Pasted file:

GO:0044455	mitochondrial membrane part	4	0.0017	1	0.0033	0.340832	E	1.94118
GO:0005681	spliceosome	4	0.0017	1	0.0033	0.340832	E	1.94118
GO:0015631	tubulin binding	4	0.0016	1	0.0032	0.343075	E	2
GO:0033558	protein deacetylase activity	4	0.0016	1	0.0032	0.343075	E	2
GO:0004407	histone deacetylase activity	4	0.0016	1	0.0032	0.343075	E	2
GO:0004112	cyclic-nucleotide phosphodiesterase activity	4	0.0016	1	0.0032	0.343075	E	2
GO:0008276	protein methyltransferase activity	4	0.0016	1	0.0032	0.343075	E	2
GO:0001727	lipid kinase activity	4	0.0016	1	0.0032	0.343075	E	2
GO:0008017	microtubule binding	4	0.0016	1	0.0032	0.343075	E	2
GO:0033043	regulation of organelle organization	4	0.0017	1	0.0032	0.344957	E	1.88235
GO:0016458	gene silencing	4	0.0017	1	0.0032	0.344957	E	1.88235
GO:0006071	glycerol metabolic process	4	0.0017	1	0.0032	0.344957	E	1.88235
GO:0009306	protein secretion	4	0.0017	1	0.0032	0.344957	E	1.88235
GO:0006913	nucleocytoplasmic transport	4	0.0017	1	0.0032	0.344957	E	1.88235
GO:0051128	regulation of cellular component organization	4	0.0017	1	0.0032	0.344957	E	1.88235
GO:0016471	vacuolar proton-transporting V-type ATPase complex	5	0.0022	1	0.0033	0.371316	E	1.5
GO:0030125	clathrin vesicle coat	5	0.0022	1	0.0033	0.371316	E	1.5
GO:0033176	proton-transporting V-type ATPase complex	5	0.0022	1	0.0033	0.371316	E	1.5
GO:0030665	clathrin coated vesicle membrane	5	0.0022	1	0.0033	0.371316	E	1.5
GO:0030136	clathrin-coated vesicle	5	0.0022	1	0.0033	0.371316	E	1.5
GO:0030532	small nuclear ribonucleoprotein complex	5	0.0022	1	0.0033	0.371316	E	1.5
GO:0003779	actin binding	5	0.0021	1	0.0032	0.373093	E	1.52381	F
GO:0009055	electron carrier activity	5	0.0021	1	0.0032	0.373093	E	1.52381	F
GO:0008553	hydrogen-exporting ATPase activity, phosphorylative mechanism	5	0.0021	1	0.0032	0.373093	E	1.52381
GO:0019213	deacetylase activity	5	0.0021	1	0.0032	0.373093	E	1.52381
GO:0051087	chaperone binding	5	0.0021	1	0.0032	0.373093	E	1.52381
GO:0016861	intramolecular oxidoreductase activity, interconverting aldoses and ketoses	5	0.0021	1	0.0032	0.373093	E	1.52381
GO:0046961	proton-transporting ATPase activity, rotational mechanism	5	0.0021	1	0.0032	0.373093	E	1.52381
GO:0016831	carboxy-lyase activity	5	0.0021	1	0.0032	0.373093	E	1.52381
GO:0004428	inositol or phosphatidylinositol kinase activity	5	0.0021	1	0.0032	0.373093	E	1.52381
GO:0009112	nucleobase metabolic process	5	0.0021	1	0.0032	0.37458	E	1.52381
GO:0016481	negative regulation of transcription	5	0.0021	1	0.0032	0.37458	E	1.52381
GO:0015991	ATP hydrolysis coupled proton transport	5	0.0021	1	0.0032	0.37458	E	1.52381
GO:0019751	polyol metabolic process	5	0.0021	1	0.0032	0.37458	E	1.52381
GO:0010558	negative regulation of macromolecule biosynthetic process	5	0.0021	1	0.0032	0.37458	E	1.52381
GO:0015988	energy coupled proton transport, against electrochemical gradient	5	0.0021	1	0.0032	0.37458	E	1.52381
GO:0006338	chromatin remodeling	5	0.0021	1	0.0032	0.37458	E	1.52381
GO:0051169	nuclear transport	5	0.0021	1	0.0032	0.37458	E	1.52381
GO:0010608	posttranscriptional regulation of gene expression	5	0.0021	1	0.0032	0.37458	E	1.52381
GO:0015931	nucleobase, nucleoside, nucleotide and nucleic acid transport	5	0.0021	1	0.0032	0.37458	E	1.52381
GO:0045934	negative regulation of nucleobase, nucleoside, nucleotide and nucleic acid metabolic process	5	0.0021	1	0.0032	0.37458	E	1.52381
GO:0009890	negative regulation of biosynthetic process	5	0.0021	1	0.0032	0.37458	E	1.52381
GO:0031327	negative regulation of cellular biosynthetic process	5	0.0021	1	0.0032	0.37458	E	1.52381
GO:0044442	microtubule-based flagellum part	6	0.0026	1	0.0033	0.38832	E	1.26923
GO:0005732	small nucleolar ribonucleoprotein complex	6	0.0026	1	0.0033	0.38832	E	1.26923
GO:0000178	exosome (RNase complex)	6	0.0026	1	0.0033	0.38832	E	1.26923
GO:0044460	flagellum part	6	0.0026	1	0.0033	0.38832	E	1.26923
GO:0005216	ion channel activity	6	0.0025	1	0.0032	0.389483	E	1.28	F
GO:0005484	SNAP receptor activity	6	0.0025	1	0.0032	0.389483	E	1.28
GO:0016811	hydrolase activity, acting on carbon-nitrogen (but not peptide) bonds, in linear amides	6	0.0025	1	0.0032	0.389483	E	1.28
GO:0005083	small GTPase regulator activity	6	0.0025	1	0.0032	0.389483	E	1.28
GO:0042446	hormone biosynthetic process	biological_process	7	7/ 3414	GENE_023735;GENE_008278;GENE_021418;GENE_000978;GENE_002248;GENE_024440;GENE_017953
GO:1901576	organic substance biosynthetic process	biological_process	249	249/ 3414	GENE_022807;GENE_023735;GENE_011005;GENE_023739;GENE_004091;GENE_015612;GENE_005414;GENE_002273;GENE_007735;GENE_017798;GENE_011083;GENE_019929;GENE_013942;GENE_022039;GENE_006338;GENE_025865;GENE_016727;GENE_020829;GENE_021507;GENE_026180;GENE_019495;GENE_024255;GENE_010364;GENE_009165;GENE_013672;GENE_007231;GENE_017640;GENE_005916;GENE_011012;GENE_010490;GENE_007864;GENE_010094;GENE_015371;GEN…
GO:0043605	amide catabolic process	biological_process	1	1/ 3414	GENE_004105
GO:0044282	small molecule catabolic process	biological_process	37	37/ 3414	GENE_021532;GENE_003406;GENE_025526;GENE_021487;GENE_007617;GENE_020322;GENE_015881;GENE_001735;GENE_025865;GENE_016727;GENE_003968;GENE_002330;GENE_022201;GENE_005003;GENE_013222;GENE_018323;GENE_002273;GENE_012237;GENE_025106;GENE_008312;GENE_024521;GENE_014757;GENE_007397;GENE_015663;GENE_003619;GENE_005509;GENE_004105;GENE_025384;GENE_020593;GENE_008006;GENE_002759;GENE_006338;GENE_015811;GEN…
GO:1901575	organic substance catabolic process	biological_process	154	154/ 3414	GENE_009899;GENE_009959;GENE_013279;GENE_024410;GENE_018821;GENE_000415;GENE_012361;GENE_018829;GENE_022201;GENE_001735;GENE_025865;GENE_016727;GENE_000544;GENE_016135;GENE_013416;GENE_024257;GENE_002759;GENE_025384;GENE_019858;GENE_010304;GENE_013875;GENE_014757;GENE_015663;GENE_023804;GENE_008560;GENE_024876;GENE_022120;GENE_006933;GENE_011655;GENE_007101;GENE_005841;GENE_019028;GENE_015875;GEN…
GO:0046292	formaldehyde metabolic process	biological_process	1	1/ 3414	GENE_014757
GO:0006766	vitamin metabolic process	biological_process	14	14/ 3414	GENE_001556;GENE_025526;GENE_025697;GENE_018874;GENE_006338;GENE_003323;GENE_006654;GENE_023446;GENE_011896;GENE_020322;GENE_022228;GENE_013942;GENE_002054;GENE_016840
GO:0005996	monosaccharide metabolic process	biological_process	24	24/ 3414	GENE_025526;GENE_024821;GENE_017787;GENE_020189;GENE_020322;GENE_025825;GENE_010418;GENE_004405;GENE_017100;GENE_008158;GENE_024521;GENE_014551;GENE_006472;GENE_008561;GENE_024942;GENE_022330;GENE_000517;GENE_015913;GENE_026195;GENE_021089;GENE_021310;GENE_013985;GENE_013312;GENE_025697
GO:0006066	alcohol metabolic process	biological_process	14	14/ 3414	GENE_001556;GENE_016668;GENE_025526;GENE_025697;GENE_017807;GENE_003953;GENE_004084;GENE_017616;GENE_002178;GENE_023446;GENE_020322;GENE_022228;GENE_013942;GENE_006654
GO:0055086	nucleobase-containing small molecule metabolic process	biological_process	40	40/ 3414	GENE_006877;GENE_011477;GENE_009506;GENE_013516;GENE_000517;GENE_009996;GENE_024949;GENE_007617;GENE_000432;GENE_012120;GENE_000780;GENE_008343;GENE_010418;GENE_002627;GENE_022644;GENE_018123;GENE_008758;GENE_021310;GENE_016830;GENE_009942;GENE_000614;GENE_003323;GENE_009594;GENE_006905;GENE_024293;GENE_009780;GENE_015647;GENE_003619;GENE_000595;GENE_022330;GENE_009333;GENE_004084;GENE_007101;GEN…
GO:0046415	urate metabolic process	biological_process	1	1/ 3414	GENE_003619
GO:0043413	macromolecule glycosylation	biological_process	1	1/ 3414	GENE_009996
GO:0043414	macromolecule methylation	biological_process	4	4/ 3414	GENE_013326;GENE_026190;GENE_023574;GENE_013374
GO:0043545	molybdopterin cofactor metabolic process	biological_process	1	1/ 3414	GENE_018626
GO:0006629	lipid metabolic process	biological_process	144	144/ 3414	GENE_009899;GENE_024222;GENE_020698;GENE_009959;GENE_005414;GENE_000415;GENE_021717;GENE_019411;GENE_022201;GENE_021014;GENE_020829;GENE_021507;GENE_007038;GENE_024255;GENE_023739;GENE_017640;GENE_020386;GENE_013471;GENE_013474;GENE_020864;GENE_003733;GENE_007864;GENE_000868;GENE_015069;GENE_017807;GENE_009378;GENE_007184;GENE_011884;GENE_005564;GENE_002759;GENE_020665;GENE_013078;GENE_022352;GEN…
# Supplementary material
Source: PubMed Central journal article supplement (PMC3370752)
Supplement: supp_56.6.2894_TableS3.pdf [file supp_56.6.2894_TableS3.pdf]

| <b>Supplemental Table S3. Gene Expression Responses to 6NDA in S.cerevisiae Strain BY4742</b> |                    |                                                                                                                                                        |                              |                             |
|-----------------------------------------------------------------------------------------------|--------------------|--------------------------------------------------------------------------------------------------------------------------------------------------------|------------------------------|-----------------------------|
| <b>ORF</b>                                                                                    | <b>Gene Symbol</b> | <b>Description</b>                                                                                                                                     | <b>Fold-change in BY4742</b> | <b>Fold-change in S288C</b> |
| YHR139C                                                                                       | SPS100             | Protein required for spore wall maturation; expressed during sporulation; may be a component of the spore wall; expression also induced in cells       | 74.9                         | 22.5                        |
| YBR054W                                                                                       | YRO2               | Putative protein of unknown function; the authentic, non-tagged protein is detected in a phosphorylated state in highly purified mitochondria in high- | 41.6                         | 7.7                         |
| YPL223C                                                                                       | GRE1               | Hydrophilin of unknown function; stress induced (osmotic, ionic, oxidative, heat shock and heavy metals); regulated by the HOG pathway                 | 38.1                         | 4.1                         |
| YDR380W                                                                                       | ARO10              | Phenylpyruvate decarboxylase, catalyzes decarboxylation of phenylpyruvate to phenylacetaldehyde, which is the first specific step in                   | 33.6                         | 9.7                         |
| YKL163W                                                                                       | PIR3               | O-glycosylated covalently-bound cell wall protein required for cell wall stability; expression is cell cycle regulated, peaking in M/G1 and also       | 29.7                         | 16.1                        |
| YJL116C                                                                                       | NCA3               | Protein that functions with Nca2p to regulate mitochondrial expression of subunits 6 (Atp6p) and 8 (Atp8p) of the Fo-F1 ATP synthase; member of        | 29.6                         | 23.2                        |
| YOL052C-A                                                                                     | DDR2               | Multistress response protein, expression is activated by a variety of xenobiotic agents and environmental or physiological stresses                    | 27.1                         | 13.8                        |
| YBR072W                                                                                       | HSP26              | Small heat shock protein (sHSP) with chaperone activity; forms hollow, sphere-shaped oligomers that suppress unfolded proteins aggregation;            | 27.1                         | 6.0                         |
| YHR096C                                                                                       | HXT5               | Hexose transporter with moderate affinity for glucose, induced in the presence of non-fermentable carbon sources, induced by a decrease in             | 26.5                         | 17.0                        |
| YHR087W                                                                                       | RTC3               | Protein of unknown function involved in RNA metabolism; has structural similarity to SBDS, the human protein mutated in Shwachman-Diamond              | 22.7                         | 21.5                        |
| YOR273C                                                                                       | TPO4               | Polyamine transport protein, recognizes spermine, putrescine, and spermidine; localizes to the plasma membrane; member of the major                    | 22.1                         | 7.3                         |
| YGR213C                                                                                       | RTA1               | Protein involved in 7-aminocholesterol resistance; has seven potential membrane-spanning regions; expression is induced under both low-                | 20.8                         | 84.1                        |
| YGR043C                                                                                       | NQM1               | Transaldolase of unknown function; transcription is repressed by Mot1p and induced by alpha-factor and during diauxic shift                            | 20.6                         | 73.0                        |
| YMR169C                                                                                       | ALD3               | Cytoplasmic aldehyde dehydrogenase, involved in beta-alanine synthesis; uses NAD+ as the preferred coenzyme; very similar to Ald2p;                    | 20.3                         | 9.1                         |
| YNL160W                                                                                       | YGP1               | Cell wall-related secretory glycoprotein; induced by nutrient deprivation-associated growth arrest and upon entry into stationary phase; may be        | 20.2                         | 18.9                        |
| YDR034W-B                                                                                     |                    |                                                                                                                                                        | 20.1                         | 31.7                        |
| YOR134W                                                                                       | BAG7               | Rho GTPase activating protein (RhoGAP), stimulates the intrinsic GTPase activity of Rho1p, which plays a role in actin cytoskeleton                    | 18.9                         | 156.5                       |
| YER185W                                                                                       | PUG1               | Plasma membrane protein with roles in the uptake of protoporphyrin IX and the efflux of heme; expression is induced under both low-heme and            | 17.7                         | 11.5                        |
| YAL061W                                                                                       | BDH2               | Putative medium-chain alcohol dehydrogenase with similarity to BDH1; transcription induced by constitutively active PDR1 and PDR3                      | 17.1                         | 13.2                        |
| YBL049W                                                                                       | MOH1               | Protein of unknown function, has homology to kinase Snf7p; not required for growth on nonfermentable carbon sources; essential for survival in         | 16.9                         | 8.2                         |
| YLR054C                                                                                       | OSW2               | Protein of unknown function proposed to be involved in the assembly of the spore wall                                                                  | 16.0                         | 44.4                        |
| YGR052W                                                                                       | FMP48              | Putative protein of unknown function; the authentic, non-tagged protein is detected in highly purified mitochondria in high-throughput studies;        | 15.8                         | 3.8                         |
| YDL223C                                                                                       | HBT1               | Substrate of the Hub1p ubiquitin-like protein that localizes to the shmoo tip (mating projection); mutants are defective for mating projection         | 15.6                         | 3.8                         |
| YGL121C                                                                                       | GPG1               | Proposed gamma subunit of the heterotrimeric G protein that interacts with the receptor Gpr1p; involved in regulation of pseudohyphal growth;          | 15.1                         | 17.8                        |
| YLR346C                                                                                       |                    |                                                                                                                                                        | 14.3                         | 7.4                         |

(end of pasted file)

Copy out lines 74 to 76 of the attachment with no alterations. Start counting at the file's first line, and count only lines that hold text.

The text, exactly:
| YBR054W                                                                                       | YRO2               | Putative protein of unknown function; the authentic, non-tagged protein is detected in a phosphorylated state in highly purified mitochondria in high- | 41.6                         | 7.7                         |
| YPL223C                                                                                       | GRE1               | Hydrophilin of unknown function; stress induced (osmotic, ionic, oxidative, heat shock and heavy metals); regulated by the HOG pathway                 | 38.1                         | 4.1                         |
| YDR380W                                                                                       | ARO10              | Phenylpyruvate decarboxylase, catalyzes decarboxylation of phenylpyruvate to phenylacetaldehyde, which is the first specific step in                   | 33.6                         | 9.7                         |